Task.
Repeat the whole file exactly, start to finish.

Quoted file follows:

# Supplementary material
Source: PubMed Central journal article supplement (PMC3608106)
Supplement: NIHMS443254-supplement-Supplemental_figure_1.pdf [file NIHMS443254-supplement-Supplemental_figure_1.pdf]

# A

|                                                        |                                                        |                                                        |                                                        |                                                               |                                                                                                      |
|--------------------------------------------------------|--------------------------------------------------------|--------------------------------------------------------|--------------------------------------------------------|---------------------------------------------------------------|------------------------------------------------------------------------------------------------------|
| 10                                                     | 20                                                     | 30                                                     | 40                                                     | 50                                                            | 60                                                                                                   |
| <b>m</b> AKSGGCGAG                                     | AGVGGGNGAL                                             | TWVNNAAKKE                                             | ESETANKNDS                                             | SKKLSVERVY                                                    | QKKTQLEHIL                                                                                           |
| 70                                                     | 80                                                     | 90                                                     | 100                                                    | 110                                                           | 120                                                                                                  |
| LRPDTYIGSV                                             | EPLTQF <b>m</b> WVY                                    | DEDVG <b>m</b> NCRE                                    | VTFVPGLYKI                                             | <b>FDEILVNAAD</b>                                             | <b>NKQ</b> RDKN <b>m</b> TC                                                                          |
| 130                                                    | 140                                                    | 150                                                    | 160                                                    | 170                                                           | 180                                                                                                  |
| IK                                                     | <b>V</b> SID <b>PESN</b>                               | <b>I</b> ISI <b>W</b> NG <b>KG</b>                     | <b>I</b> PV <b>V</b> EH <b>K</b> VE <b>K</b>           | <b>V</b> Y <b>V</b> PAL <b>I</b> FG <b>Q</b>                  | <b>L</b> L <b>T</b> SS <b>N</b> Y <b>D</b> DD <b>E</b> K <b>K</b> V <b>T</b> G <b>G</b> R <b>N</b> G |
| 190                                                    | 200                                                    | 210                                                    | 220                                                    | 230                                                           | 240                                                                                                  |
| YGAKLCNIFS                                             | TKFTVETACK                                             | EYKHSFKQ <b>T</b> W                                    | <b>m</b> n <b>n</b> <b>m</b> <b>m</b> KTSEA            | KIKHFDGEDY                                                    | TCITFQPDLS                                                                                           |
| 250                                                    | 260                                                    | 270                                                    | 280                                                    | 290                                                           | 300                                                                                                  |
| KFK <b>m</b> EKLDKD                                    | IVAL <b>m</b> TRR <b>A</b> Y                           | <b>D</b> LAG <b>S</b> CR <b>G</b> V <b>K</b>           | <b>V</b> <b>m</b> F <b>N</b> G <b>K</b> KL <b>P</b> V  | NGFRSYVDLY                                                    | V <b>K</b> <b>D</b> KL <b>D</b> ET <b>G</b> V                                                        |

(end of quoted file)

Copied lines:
# Supplementary material
Source: PubMed Central journal article supplement (PMC3608106)
Supplement: NIHMS443254-supplement-Supplemental_figure_1.pdf [file NIHMS443254-supplement-Supplemental_figure_1.pdf]

# A

|                                                        |                                                        |                                                        |                                                        |                                                               |                                                                                                      |
|--------------------------------------------------------|--------------------------------------------------------|--------------------------------------------------------|--------------------------------------------------------|---------------------------------------------------------------|------------------------------------------------------------------------------------------------------|
| 10                                                     | 20                                                     | 30                                                     | 40                                                     | 50                                                            | 60                                                                                                   |
| <b>m</b> AKSGGCGAG                                     | AGVGGGNGAL                                             | TWVNNAAKKE                                             | ESETANKNDS                                             | SKKLSVERVY                                                    | QKKTQLEHIL                                                                                           |
| 70                                                     | 80                                                     | 90                                                     | 100                                                    | 110                                                           | 120                                                                                                  |
| LRPDTYIGSV                                             | EPLTQF <b>m</b> WVY                                    | DEDVG <b>m</b> NCRE                                    | VTFVPGLYKI                                             | <b>FDEILVNAAD</b>                                             | <b>NKQ</b> RDKN <b>m</b> TC                                                                          |
| 130                                                    | 140                                                    | 150                                                    | 160                                                    | 170                                                           | 180                                                                                                  |
| IK                                                     | <b>V</b> SID <b>PESN</b>                               | <b>I</b> ISI <b>W</b> NG <b>KG</b>                     | <b>I</b> PV <b>V</b> EH <b>K</b> VE <b>K</b>           | <b>V</b> Y <b>V</b> PAL <b>I</b> FG <b>Q</b>                  | <b>L</b> L <b>T</b> SS <b>N</b> Y <b>D</b> DD <b>E</b> K <b>K</b> V <b>T</b> G <b>G</b> R <b>N</b> G |
| 190                                                    | 200                                                    | 210                                                    | 220                                                    | 230                                                           | 240                                                                                                  |
| YGAKLCNIFS                                             | TKFTVETACK                                             | EYKHSFKQ <b>T</b> W                                    | <b>m</b> n <b>n</b> <b>m</b> <b>m</b> KTSEA            | KIKHFDGEDY                                                    | TCITFQPDLS                                                                                           |
| 250                                                    | 260                                                    | 270                                                    | 280                                                    | 290                                                           | 300                                                                                                  |
| KFK <b>m</b> EKLDKD                                    | IVAL <b>m</b> TRR <b>A</b> Y                           | <b>D</b> LAG <b>S</b> CR <b>G</b> V <b>K</b>           | <b>V</b> <b>m</b> F <b>N</b> G <b>K</b> KL <b>P</b> V  | NGFRSYVDLY                                                    | V <b>K</b> <b>D</b> KL <b>D</b> ET <b>G</b> V                                                        |